Sky's the limit for a comeback
You might have noticed that thick, white letters don't really dominate the sky anymore. Have you seen any "Marry me" or "I love U" notes lately? It certainly isn't as common as it used to be. What we might now think of as
old-fashioned or antique or even low-tech, was once thought to be the future of advertising. It was also--and still is--an artform.
Despite its seeming disappearance, it hasn't completely gone up in smoke.
Although Skywriting is not too common nowadays, not all smoke effects are. Aerobatic smoke oil (the stuff that vaporizes into that recognizable thick smoke) is a commonly used substance at airshows across the globe to create thick, white (or colored) smoke trails for better seeing stunts and maneuvers. While the Black Cats was the first aerobatic team that utilized smoke effect in their performances in 1957 at Farnborough, using thick smoke for entertainment goes back more than 20 years.
Skywriting* starts with a plane and the sky.
Small aircraft are outfitted with special smoke emission systems-a typical smoke generator consists of a pressurized container that holds a low viscosity oil (we're big fans of
White Lightening). The paraffin-based mineral oil is injected into the hot exhaust manifold, which causes it to vaporize into a volume of dense, white smoke.
So we have the canvas, the sky, and we have the medium, the smoke. Now all that's missing is the artiste.
As with any form of art, having the right tools will only get you so far. What really matters is pilot talent. The skywriting (or skyart, really) is done by a skilled pilot who is able to maneuver the aircraft in such a way to form the letters so they are visible from the ground-while knowing when smoke is needed to make the letters. It requires extremely precise flying and the ability to factor in everything from the position of the sun, the position of the crowd, the direction of the wind- It's certainly not the easiest job in the world, which is one of the reasons not many people do it anymore--not many can. It makes the art of it that much more valuable.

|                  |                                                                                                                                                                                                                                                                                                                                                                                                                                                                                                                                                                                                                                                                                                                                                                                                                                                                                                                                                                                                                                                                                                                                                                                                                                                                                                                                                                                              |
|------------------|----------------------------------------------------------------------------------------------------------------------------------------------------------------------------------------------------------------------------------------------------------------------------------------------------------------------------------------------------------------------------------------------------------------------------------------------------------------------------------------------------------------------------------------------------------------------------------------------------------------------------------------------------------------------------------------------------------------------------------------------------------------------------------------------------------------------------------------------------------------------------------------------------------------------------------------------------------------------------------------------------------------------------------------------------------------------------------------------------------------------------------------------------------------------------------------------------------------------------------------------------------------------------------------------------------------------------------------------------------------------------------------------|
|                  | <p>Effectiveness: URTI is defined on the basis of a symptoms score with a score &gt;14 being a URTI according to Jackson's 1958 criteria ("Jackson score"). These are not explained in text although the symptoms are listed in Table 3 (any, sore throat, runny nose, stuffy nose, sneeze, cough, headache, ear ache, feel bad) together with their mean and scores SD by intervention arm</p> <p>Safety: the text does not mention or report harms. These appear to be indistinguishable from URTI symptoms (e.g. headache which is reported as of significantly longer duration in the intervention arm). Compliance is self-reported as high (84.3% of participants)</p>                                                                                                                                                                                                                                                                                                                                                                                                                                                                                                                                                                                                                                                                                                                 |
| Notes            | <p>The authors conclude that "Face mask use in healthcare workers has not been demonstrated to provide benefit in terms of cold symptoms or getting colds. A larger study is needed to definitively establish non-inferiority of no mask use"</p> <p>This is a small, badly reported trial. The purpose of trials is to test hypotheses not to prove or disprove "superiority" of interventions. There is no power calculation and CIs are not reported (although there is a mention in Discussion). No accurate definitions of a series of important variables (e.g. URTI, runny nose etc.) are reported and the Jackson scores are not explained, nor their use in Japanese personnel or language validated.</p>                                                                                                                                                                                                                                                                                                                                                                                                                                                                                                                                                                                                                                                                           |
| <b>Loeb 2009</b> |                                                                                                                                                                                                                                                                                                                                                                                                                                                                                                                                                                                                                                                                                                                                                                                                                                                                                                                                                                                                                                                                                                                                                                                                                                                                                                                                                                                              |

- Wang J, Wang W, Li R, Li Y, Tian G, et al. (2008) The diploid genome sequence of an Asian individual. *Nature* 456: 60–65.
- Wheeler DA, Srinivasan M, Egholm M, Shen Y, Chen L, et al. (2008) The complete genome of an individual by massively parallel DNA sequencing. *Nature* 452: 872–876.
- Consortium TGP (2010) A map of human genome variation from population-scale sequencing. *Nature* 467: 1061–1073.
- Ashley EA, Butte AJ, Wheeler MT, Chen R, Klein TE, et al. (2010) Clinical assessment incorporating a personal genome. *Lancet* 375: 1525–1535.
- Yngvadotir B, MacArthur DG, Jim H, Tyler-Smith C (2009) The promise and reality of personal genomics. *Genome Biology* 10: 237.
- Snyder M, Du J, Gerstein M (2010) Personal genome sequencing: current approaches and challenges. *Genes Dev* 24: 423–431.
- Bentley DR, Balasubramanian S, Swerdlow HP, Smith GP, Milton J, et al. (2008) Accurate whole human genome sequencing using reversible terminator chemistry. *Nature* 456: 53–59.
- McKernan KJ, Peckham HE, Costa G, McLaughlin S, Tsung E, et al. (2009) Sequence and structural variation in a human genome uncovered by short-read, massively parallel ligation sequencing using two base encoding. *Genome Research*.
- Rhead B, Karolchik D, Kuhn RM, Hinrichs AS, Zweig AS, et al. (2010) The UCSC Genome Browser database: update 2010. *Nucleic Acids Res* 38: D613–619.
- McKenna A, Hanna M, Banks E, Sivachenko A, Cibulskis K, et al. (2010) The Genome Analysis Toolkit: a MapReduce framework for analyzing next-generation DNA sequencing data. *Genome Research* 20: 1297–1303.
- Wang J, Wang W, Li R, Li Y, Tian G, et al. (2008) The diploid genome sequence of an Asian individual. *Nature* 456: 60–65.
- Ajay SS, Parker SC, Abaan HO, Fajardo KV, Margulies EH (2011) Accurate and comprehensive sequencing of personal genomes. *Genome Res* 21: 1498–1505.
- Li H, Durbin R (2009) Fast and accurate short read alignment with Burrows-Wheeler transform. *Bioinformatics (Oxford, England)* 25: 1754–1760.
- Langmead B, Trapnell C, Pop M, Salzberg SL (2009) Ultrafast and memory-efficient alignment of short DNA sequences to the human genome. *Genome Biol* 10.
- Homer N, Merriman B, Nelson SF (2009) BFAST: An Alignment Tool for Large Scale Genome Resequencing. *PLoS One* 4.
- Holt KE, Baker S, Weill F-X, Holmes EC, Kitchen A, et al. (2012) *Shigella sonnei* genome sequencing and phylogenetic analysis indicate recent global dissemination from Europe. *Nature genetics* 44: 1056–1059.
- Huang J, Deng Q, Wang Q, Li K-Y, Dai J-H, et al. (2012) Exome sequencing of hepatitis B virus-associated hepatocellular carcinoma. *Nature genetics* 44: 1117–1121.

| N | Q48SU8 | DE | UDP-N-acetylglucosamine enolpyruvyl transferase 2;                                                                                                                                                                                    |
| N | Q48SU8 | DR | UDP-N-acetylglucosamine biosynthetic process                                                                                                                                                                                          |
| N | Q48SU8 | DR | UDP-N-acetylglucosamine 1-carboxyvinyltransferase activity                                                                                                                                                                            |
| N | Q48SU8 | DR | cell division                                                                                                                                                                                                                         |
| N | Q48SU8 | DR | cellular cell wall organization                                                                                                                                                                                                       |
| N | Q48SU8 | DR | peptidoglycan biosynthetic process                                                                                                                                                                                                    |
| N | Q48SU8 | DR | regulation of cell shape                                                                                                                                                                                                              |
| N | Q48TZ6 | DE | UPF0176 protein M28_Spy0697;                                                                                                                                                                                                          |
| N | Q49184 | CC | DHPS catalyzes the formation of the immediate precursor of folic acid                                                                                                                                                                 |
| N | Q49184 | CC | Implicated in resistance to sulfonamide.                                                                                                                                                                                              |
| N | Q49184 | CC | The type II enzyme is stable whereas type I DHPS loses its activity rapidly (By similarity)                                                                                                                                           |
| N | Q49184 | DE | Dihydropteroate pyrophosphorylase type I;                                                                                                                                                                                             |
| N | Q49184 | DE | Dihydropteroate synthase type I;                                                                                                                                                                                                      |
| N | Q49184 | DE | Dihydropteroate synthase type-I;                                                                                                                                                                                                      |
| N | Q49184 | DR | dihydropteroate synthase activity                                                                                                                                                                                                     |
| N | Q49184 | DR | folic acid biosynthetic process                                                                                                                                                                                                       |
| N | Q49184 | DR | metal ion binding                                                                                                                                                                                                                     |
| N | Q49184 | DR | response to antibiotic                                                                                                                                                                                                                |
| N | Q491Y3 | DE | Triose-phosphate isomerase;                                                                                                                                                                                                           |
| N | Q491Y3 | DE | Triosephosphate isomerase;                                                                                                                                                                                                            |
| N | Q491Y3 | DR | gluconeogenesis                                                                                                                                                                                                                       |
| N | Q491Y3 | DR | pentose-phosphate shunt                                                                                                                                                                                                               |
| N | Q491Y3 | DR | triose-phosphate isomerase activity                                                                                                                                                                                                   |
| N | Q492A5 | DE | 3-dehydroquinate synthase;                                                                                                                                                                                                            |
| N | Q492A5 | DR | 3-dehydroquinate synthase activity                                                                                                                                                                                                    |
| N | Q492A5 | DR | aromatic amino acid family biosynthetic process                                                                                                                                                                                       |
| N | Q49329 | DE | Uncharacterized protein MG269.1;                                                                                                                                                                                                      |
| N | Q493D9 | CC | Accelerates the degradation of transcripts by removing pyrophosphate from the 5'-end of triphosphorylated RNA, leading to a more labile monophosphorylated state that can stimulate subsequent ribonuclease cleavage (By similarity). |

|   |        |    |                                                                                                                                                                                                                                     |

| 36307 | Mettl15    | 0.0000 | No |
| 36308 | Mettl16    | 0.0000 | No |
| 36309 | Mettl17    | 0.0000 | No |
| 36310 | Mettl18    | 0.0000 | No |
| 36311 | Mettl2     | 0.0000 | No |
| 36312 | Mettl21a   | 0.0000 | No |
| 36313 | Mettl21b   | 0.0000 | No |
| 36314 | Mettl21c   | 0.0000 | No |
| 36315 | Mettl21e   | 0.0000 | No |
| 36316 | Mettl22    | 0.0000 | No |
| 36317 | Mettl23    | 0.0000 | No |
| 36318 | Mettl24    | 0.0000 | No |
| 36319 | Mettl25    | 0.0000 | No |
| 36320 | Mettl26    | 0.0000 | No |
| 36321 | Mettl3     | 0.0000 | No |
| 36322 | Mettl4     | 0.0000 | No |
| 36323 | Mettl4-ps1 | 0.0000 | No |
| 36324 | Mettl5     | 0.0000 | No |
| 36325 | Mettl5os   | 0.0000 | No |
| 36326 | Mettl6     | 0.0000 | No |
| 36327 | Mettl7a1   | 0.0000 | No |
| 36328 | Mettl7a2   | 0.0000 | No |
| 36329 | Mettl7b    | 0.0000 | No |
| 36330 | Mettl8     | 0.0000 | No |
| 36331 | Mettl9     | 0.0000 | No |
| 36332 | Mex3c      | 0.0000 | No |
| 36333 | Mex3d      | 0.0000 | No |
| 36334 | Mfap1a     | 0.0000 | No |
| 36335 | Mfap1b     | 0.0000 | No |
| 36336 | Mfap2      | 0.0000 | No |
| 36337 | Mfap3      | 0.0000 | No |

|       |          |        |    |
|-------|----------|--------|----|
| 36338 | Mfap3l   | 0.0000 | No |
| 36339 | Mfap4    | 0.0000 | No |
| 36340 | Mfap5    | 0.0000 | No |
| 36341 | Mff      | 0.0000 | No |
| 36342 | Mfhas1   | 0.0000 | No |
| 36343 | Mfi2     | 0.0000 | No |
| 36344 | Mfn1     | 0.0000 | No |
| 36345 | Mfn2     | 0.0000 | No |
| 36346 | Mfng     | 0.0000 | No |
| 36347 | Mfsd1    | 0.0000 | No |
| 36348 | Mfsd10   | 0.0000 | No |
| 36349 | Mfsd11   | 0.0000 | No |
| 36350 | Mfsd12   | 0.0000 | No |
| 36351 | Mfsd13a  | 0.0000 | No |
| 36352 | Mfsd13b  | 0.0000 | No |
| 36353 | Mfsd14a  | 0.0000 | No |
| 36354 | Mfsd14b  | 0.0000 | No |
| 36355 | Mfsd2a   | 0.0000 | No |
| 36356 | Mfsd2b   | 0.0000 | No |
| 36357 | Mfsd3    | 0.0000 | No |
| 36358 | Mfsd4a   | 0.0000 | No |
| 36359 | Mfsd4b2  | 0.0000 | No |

History of skywriting
Like other aviation firsts, the beginnings of skywriting are disputed, although most sources attribute the development of skywriting to
Major John Clifford "Mad Jack" Savage. The former British Royal Air Force pilot (and writer for Flight magazine) formed a successful skywriting fleet of Royal Aircraft Factory S.E.5 aircraft in England; he flew throughout the 1920s and 1930s and even brought the practice across the pond to America.
The first use of skywriting for advertisement was in May 1922 at the Derby at Epsom Downs. Demonstrating Savage's techniques, Captain Cyril Turner wrote "Daily Mail" above the track. Five months later, Turner came to the United States and wrote -Hello U.S.A- above the Times Square skyline in Manhattan.
But Albert T. Reid, of the Historical Society, wasn't having any of this. In 1926, he wrote to the New York Times:
"A newspaper paragraph says skywriting was perfected in England in 1919 and used in the United States the next year. But Art Smith, who succeeded Beachey in flying exhibitions at the Panama-Pacific Exposition in San Francisco in 1915, after the latter had been killed, did skywriting, always ending his breathtaking stunts by writing "Good Night." This was not a trial exhibition, but a part of every flight, and was always witnessed by thousands."
Arthur Roy Smith was an early American aviator who earned celebrity status as a world-class showman and daring pilot. When it came time for the 1915 San Francisco World's Fair, Smith strapped fireworks to the back of his plane and put on spectacular performances over the course of the fair. Newspaper accounts from the San Francisco Examiner (May 7, 1915) and the San Francisco Chronicle (August 8, 1915) make mention of Smith's writing in the sky: "Zone," in honor of the fair's amusement sector, and the words "good-bye" in light at night at the end of his first run (without digging too deeply, either Reid was slightly inaccurate, or the Chronicle is referring to a different writing event).